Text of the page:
Using Significant Figures in WebAssign

Significant figures are one way of expressing uncertainty in
measurement. The rules WebAssign uses to determine the number of significant
figures in a number are shown in the examples below:

1234 =
4
significant figures 5.0e2 = 2 significant
figures

500 =
1
significant figure 140E-001 = 2 significant figures

500. =
3
significant figures 8.20000e3 = 6
significant figures

13000 =
2
significant figures 101.001 = 6
significant figures

2.000 =
4
significant figures
41003 =
5 significant figures

As you can see, most numbers are fairly straightforward.

To express a number like 1000 to 2 or 3 significant figures, you
must use scientific notation.

When you multiply or divide numbers, the result of your calculation
has the same number of significant digits as the operand with the fewest number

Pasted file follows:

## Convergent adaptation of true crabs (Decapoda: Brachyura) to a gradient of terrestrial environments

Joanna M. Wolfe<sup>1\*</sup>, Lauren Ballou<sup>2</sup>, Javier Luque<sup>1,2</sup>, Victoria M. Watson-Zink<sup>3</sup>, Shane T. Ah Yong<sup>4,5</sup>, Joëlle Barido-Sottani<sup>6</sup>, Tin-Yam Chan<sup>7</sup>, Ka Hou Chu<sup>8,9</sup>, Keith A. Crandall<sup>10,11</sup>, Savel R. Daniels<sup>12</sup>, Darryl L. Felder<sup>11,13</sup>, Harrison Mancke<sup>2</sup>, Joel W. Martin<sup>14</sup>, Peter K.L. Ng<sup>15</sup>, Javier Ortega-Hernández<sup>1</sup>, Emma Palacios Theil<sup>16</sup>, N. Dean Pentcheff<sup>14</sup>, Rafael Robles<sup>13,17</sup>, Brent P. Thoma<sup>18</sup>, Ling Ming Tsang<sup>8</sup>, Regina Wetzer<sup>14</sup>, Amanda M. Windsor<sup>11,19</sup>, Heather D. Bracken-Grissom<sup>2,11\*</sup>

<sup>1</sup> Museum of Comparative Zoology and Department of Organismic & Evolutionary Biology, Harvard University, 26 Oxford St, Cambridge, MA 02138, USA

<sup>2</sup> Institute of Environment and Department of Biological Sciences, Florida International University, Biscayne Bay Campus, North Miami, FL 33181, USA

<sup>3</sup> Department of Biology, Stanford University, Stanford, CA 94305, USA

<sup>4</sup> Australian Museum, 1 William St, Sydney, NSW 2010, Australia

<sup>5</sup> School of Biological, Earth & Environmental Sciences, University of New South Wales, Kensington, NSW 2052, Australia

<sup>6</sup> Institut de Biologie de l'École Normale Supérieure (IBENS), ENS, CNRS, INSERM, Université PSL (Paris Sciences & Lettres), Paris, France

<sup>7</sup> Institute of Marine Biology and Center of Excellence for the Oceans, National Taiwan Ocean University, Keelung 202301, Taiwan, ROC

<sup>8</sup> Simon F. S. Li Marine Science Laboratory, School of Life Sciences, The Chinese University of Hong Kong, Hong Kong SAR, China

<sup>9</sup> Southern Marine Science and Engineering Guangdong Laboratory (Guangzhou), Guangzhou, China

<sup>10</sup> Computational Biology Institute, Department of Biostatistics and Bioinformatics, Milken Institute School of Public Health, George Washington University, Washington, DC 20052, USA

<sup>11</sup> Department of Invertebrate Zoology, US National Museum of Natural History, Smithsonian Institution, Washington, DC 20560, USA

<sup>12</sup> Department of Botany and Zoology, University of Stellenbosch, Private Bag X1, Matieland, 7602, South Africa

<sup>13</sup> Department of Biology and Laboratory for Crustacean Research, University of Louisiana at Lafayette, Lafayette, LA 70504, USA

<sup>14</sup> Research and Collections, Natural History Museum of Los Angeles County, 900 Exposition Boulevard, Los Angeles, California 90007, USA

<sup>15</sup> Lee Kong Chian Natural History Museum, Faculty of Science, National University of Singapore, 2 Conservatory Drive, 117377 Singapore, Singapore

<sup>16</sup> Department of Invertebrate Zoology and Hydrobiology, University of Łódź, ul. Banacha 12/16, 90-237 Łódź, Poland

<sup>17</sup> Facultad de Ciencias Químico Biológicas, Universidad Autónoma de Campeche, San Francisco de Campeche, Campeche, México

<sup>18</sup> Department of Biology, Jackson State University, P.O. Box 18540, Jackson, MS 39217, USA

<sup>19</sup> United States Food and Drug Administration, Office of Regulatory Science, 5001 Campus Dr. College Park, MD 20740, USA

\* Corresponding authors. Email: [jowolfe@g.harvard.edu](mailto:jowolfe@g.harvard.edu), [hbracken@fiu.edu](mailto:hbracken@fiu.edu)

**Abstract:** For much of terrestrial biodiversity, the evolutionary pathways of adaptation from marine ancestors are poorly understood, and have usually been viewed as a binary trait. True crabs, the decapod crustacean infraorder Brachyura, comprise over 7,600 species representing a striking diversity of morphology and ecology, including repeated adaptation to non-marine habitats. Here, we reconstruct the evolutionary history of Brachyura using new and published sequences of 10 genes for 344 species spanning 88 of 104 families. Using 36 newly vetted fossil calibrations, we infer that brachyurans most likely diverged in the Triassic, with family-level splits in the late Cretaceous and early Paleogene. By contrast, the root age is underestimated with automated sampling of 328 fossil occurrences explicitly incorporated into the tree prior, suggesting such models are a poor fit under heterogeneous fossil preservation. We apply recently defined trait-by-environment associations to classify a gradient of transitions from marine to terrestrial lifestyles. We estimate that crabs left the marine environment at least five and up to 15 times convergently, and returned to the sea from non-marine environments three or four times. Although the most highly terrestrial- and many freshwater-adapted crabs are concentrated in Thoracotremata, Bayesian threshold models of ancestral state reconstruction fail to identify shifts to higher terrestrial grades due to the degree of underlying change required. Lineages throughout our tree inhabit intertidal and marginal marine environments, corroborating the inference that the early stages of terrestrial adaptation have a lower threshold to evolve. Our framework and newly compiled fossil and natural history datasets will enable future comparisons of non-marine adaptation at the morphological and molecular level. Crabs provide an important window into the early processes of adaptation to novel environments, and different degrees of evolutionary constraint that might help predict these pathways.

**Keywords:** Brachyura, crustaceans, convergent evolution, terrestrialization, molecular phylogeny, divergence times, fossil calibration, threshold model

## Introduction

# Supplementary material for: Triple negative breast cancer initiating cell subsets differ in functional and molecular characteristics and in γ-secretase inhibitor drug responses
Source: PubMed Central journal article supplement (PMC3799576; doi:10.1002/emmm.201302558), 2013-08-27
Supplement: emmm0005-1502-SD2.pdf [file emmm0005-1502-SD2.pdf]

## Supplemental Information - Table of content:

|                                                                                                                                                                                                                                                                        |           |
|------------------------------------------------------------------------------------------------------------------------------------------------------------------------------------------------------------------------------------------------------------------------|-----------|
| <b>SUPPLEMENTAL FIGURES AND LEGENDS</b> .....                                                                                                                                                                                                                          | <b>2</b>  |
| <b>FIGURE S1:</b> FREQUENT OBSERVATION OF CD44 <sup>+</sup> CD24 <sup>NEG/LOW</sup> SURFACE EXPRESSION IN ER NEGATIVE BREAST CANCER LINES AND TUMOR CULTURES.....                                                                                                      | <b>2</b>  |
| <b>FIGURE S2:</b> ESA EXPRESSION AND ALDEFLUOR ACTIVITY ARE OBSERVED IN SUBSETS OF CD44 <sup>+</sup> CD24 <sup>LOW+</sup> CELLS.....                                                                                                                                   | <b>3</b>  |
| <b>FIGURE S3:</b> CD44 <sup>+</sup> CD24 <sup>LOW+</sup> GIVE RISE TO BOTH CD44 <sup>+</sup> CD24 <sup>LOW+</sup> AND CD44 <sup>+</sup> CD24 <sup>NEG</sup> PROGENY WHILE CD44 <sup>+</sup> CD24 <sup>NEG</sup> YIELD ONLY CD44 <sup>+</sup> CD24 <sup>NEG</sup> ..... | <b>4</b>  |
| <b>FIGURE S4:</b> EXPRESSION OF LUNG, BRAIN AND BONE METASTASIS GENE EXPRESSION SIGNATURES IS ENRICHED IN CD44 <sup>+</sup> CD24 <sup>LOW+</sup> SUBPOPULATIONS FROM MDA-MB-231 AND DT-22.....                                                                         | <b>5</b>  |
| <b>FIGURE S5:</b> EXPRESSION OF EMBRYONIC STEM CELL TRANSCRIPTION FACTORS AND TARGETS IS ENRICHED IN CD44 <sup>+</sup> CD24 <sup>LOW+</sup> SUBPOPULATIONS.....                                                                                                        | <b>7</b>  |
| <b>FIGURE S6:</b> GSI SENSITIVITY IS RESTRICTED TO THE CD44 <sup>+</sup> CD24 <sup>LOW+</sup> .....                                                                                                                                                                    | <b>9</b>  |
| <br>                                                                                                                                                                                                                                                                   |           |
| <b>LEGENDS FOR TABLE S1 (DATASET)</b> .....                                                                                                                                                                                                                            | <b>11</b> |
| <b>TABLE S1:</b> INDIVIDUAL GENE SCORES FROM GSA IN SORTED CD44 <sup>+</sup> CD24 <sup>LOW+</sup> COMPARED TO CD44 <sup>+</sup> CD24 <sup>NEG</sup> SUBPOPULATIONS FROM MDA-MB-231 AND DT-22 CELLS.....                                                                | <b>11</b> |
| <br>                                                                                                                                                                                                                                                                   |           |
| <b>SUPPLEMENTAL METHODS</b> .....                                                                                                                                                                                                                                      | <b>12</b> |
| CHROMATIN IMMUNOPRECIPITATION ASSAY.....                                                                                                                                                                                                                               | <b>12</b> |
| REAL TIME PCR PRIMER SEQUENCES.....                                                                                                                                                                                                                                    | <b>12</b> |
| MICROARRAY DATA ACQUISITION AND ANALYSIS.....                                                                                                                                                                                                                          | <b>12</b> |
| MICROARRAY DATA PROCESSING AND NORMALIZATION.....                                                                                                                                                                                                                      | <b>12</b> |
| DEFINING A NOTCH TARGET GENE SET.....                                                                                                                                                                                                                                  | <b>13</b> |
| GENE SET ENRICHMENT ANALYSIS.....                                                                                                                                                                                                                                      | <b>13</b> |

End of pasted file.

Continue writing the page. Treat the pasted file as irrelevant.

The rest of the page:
of significant figures. For example:

1530 4.0
= 6100

1530 (3
significant figures) 4.0 (2 significant figures) = 6100 (2 significant figures)

When you add or subtract numbers, keep the fewest number of
decimal places that are in all of the numbers. For example:

2.46 +
6.1743 = 8.63

2.46 (to
the hundredths place) + 6.1743 (to the ten-thousandths place) = 8.63 (to the
hundredths place)

4580 -
411 = 4170

4580 (to
the tens place) - 411 (to the ones place) = 4170 (to the tens place)

When you take the logarithm of a number, the number of decimal
places in the result must be the same as the number of significant figures in
the number you started with (Why is this?). For example:

log_{10}(27)
= 1.43

log_{10}(27
two significant figures) = 1.43 (two decimal places)

ln(0.026)
= -3.65